Previously used terms:

Migraine-associated vertigo/dizziness; migraine-related vestibulopathy; migrainous vertigo.

Diagnostic criteria:
  1. At least five episodes fulfilling criteria C and D
  2. A current or past history of 1.1 Migraine without aura or 1.2 Migraine with aura1
  3. Vestibular symptoms2 of moderate or severe intensity3, lasting between 5 minutes and 72 hours4
  4. At least half of episodes are associated with at least one of the following three migrainous features5:
      1. headache with at least two of the following four characteristics:
        • a) unilateral location
        • b) pulsating quality
        • c) moderate or severe intensity
        • d) aggravation by routine physical activity
      2. photophobia and phonophobia6
      3. visual aura7
  5. Not better accounted for by another ICHD-3 diagnosis or by another vestibular disorder8.
  1. Code also for the underlying migraine diagnosis.
  2. Vestibular symptoms, as defined by the Bárány Society’s Classification of Vestibular Symptoms and qualifying for a diagnosis of A1.6.6 Vestibular migraine, include:
    • a) spontaneous vertigo:
      • – internal vertigo (a false sensation of self-motion);
      • – external vertigo (a false sensation that the visual surround is spinning or flowing);
    • b) positional vertigo, occurring after a change of head position;
    • c) visually-induced vertigo, triggered by a complex or large moving visual stimulus;
    • d) head motion-induced vertigo, occurring during head motion;
    • e) head motion-induced dizziness with nausea (dizziness is characterized by a sensation of disturbed spatial orientation; other forms of dizziness are currently not included in the classification of vestibular migraine).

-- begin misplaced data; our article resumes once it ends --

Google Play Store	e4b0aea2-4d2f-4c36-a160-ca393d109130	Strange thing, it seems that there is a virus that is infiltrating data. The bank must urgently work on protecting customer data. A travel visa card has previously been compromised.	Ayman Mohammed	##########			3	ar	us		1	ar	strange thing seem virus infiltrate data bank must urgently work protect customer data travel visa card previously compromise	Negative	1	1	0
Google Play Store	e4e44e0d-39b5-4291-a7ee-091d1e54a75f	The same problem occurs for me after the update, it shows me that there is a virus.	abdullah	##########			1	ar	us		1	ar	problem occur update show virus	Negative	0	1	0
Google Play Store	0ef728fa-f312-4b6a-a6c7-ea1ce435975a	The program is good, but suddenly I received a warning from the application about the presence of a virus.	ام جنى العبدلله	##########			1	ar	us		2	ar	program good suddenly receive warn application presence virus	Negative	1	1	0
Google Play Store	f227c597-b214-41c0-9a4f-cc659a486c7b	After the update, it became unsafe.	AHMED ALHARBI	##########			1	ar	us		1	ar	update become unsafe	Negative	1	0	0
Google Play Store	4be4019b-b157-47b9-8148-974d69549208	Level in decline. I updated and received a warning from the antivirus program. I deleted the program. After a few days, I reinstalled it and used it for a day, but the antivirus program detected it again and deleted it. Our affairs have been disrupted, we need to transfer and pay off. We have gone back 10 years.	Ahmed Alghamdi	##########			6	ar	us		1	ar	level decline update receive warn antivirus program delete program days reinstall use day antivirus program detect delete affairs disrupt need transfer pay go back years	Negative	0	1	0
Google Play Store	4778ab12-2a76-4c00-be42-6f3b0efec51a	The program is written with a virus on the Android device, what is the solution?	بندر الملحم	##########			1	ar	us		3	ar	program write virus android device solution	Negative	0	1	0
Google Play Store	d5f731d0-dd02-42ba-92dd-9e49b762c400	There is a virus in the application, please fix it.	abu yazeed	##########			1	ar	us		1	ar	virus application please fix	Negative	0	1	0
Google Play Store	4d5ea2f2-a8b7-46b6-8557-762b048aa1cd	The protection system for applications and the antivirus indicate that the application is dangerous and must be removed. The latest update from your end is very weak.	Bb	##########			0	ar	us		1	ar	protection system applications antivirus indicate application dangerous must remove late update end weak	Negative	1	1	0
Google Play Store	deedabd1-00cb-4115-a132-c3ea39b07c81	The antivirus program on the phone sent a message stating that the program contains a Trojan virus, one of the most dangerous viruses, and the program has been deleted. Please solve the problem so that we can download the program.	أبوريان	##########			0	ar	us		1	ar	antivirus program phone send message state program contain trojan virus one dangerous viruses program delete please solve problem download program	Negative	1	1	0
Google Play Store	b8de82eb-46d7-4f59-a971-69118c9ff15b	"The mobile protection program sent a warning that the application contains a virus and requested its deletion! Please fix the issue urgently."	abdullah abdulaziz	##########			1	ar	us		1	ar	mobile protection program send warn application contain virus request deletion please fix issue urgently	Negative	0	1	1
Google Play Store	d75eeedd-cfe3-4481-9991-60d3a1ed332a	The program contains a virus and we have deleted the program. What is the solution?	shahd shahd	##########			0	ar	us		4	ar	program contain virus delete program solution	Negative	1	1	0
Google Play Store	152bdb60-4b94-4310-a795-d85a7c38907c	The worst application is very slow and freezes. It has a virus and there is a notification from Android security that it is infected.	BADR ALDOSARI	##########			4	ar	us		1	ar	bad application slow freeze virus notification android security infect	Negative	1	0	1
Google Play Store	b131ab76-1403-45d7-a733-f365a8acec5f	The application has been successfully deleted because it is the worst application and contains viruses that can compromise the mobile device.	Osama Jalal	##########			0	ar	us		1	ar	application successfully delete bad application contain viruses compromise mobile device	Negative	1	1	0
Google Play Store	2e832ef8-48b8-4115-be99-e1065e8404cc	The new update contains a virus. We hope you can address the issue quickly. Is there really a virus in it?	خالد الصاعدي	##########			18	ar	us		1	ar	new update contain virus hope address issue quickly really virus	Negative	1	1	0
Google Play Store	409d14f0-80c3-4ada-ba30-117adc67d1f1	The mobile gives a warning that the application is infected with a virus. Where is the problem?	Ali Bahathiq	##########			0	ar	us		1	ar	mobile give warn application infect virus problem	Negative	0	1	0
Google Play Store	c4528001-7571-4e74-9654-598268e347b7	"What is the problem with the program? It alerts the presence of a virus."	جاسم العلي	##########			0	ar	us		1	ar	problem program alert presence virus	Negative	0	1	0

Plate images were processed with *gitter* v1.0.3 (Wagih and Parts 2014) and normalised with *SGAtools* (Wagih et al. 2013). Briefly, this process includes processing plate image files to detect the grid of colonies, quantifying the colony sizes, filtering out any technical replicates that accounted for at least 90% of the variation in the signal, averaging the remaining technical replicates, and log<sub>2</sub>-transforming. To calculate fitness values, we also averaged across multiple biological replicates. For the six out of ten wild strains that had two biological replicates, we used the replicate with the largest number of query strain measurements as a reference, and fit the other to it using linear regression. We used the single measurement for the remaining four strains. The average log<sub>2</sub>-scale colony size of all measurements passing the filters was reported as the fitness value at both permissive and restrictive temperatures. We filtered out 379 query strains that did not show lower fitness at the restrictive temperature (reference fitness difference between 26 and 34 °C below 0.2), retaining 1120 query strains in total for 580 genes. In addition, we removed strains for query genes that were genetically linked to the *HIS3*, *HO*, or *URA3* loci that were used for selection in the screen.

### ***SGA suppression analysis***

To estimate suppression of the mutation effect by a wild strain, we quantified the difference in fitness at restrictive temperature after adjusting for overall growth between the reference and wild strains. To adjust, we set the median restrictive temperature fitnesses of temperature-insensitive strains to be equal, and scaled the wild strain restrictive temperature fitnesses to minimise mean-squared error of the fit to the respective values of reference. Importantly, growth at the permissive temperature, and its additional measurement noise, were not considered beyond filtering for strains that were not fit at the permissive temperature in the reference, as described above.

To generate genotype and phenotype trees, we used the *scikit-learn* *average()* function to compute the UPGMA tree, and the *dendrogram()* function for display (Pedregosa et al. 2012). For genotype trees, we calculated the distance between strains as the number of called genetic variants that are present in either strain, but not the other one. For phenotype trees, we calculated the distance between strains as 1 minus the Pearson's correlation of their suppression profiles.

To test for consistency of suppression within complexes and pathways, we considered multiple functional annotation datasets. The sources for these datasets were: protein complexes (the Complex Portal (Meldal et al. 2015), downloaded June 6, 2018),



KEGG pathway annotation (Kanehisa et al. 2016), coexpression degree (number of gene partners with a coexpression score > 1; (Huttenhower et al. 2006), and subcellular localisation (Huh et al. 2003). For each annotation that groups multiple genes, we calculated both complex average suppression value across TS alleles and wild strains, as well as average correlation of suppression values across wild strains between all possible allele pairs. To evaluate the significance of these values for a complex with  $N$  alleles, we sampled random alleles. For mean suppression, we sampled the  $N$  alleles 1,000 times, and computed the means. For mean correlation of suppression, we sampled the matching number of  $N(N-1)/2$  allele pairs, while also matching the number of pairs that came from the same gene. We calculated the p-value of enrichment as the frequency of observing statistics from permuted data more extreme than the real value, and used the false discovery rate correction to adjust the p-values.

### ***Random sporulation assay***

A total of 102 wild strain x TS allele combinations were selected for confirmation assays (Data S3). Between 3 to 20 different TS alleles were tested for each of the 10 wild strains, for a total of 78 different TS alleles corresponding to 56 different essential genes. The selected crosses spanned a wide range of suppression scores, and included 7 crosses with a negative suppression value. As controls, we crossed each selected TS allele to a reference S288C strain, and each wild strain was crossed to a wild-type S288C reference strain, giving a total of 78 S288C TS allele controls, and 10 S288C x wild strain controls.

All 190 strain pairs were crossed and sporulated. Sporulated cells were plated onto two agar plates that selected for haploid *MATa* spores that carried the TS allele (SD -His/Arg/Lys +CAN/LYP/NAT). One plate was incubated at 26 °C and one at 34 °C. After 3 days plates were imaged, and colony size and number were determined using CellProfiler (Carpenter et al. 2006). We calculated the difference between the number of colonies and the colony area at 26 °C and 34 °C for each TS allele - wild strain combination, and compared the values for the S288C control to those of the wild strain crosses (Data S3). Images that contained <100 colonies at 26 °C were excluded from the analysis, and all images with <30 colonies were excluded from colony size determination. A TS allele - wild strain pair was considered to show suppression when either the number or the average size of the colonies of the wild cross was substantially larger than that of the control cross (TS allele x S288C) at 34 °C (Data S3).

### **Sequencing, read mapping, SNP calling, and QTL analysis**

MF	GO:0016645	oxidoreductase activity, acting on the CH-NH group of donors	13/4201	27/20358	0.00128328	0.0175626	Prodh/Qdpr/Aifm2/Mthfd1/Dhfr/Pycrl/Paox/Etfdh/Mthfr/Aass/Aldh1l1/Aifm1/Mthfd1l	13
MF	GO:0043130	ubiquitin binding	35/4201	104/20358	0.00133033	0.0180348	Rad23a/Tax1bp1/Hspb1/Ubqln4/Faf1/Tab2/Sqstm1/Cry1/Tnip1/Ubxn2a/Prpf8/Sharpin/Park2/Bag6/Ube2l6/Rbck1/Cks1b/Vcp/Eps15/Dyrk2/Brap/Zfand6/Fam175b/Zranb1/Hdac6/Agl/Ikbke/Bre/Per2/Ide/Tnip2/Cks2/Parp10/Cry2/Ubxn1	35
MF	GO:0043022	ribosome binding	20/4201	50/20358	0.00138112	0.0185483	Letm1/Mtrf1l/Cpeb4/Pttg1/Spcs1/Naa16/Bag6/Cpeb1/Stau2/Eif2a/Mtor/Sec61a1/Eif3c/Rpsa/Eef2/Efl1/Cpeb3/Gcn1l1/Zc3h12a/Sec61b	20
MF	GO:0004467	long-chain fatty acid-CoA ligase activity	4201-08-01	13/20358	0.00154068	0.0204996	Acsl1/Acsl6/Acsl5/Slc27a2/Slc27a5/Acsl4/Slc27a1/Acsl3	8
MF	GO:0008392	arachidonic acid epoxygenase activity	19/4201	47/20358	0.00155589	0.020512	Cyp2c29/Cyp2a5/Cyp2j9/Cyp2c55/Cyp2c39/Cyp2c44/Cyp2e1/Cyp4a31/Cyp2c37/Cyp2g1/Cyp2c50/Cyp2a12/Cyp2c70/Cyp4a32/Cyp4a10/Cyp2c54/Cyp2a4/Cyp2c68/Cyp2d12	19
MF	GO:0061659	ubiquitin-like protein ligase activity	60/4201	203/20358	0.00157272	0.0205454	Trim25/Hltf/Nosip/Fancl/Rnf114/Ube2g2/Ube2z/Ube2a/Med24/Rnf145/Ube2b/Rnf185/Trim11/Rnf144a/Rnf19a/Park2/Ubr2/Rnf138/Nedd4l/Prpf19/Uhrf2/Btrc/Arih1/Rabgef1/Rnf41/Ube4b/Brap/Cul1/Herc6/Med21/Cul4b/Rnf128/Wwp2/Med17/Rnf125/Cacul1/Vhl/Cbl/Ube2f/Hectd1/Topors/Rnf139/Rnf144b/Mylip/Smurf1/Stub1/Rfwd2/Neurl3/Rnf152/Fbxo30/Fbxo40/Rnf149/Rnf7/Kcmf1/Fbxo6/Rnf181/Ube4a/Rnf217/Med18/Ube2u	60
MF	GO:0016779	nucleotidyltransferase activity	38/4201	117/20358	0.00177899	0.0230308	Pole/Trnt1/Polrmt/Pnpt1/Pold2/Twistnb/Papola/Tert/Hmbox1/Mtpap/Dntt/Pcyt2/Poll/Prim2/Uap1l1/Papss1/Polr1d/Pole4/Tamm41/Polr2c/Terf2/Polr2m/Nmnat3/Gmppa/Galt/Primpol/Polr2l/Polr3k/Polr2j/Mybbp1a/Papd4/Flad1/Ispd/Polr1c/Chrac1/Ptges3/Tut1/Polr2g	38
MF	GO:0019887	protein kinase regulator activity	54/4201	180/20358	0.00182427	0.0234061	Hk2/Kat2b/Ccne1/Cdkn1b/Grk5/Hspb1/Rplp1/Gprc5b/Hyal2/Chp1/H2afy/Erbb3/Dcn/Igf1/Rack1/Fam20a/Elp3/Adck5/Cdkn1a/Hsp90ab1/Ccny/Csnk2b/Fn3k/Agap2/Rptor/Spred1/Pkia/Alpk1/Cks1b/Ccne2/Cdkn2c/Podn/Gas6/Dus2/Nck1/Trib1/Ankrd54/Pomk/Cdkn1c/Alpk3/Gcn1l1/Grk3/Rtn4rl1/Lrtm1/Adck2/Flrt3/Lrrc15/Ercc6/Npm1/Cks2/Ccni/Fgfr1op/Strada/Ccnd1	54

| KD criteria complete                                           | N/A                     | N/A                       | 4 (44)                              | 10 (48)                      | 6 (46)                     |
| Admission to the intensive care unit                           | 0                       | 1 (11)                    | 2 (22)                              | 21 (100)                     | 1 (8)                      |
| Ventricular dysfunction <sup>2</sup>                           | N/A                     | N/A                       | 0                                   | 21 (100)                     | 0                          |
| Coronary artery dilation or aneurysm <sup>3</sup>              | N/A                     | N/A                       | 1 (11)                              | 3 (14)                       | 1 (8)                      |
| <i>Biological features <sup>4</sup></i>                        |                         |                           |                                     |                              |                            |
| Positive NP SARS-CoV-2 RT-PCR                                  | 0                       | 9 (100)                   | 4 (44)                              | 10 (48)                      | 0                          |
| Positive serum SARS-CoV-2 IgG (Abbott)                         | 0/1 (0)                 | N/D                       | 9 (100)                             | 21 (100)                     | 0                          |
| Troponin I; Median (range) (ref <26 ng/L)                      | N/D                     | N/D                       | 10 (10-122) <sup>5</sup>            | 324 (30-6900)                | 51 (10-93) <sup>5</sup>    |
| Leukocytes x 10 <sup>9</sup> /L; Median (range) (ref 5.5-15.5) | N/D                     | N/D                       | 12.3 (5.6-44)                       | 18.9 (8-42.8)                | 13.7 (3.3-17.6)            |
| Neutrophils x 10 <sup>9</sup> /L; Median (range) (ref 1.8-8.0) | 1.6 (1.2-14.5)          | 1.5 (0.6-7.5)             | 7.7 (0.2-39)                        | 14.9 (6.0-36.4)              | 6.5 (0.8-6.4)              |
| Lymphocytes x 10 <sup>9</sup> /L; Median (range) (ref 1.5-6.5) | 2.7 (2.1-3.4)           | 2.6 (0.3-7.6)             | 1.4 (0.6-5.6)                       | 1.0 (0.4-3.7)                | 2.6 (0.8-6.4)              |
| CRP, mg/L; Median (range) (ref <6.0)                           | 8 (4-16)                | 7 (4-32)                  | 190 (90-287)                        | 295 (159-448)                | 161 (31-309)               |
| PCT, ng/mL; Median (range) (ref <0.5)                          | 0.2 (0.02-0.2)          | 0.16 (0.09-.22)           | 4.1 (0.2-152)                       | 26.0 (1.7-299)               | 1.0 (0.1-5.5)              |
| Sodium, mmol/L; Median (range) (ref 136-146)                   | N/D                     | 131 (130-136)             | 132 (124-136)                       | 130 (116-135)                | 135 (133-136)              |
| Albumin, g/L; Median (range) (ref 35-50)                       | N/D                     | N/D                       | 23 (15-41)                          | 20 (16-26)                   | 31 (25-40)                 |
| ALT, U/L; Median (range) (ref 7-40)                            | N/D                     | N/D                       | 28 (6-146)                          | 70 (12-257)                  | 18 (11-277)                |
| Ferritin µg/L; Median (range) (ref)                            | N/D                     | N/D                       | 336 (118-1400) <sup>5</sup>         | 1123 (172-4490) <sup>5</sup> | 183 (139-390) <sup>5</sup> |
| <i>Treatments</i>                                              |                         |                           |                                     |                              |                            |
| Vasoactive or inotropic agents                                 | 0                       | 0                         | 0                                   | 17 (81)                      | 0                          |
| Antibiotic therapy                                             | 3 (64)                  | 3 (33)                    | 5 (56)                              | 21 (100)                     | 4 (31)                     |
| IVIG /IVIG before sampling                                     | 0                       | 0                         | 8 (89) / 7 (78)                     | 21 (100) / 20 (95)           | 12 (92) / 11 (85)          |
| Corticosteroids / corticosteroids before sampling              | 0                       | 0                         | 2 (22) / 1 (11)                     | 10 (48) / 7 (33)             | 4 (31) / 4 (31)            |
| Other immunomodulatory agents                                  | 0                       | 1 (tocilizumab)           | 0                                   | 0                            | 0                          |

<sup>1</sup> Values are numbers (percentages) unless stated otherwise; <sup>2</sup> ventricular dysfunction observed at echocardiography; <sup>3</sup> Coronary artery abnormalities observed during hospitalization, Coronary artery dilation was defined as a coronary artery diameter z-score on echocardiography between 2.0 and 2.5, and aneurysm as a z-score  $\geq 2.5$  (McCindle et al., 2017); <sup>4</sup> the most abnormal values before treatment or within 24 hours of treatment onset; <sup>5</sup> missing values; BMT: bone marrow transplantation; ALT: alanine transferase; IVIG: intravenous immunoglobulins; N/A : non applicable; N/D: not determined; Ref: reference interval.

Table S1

3. Vestibular symptoms are rated moderate when they interfere with but do not prevent daily activities and severe when daily activities cannot be continued.
  4. Duration of episodes is highly variable. About 30% of patients have episodes lasting minutes, 30% have attacks for hours and another 30% have attacks over several days. The remaining 10% have attacks lasting seconds only, which tend to occur repeatedly during head motion, visual stimulation or after changes of head position. In these patients, episode duration is defined as the total period during which short attacks recur. At the other end of the spectrum, there are patients who may take 4 weeks to recover fully from an episode. However, the core episode rarely exceeds 72 hours.
  5. One symptom is sufficient during a single episode. Different symptoms may occur during different episodes. Associated symptoms may occur before, during or after the vestibular symptoms.
  6. History and physical examinations do not suggest another vestibular disorder or such a disorder has been considered but ruled out by appropriate investigations or such a disorder is present as a comorbid condition but episodes can be clearly differentiated. Migraine attacks may be induced by vestibular stimulation. Therefore, the differential diagnosis should include other vestibular disorders complicated by superimposed migraine attacks.

A surprisingly high prevalence of A1.6.6 Vestibular migraine of 10.3% was recently described among migraine patients in Chinese neurological departments.

Other symptoms

Transient auditory symptoms, nausea, vomiting, prostration and susceptibility to motion sickness may be associated with A1.6.6 Vestibular migraine. However, since they also occur with various other vestibular disorders, they are not included as diagnostic criteria.

Relation to migraine aura and migraine with brainstem aura

Both migraine aura and migraine with brainstem aura (formerly: basilar-type migraine) are terms defined by ICHD-3. Only a minority of patients with A1.6.6 Vestibular migraine experience their vertigo in the time frame of 5-60 minutes as defined for an aura symptom. Even fewer have their vertigo immediately before headache starts, as required for Typical aura with headache. Therefore, episodes of A1.6.6 Vestibular migraine cannot be regarded as migraine auras.

Although vertigo is reported by more than 60% of patients with 1.2.2 Migraine with brainstem aura, ICHD-3 requires at least two brainstem symptoms in addition to visual, sensory or dysphasic aura symptoms for this diagnosis. Fewer than 10% of patients with A1.6.6